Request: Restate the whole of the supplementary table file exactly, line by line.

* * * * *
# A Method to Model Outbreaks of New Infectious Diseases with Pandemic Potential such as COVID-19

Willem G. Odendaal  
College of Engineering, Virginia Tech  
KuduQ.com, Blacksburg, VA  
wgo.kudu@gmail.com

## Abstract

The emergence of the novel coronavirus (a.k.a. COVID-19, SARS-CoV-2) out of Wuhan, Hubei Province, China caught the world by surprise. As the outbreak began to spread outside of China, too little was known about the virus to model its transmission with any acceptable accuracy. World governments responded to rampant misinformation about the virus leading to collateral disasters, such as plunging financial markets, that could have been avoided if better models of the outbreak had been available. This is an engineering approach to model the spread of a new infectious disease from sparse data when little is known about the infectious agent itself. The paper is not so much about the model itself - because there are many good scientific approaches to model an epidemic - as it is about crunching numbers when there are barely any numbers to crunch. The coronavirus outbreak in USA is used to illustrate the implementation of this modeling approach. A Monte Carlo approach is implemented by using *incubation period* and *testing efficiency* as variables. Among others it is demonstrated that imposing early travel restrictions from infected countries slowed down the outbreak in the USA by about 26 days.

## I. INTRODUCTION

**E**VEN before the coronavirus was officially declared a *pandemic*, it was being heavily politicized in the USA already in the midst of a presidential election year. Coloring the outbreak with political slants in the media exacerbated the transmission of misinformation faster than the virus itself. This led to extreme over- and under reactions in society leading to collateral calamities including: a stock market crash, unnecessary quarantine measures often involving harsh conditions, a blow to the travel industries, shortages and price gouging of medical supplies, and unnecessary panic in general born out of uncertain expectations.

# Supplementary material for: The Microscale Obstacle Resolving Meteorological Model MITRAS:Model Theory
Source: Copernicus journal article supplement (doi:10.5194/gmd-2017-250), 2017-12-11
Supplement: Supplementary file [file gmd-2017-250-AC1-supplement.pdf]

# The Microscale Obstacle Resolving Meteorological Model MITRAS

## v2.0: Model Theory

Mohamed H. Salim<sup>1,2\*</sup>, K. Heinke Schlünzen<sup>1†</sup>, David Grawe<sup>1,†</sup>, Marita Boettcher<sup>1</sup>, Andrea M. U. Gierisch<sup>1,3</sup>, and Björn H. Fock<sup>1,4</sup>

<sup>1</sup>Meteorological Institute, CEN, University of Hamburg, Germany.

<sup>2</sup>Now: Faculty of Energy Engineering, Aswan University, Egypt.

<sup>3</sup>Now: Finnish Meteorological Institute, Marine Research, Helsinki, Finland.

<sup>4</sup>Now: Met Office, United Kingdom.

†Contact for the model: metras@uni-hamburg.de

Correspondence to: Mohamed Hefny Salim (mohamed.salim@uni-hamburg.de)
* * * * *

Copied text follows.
# A Method to Model Outbreaks of New Infectious Diseases with Pandemic Potential such as COVID-19

Willem G. Odendaal  
College of Engineering, Virginia Tech  
KuduQ.com, Blacksburg, VA  
wgo.kudu@gmail.com

## Abstract

The emergence of the novel coronavirus (a.k.a. COVID-19, SARS-CoV-2) out of Wuhan, Hubei Province, China caught the world by surprise. As the outbreak began to spread outside of China, too little was known about the virus to model its transmission with any acceptable accuracy. World governments responded to rampant misinformation about the virus leading to collateral disasters, such as plunging financial markets, that could have been avoided if better models of the outbreak had been available. This is an engineering approach to model the spread of a new infectious disease from sparse data when little is known about the infectious agent itself. The paper is not so much about the model itself - because there are many good scientific approaches to model an epidemic - as it is about crunching numbers when there are barely any numbers to crunch. The coronavirus outbreak in USA is used to illustrate the implementation of this modeling approach. A Monte Carlo approach is implemented by using *incubation period* and *testing efficiency* as variables. Among others it is demonstrated that imposing early travel restrictions from infected countries slowed down the outbreak in the USA by about 26 days.

## I. INTRODUCTION

**E**VEN before the coronavirus was officially declared a *pandemic*, it was being heavily politicized in the USA already in the midst of a presidential election year. Coloring the outbreak with political slants in the media exacerbated the transmission of misinformation faster than the virus itself. This led to extreme over- and under reactions in society leading to collateral calamities including: a stock market crash, unnecessary quarantine measures often involving harsh conditions, a blow to the travel industries, shortages and price gouging of medical supplies, and unnecessary panic in general born out of uncertain expectations.

# Supplementary material for: The Microscale Obstacle Resolving Meteorological Model MITRAS:Model Theory
Source: Copernicus journal article supplement (doi:10.5194/gmd-2017-250), 2017-12-11
Supplement: Supplementary file [file gmd-2017-250-AC1-supplement.pdf]

# The Microscale Obstacle Resolving Meteorological Model MITRAS

## v2.0: Model Theory

Mohamed H. Salim<sup>1,2\*</sup>, K. Heinke Schlünzen<sup>1†</sup>, David Grawe<sup>1,†</sup>, Marita Boettcher<sup>1</sup>, Andrea M. U. Gierisch<sup>1,3</sup>, and Björn H. Fock<sup>1,4</sup>

<sup>1</sup>Meteorological Institute, CEN, University of Hamburg, Germany.

<sup>2</sup>Now: Faculty of Energy Engineering, Aswan University, Egypt.

<sup>3</sup>Now: Finnish Meteorological Institute, Marine Research, Helsinki, Finland.

<sup>4</sup>Now: Met Office, United Kingdom.

†Contact for the model: metras@uni-hamburg.de

Correspondence to: Mohamed Hefny Salim (mohamed.salim@uni-hamburg.de)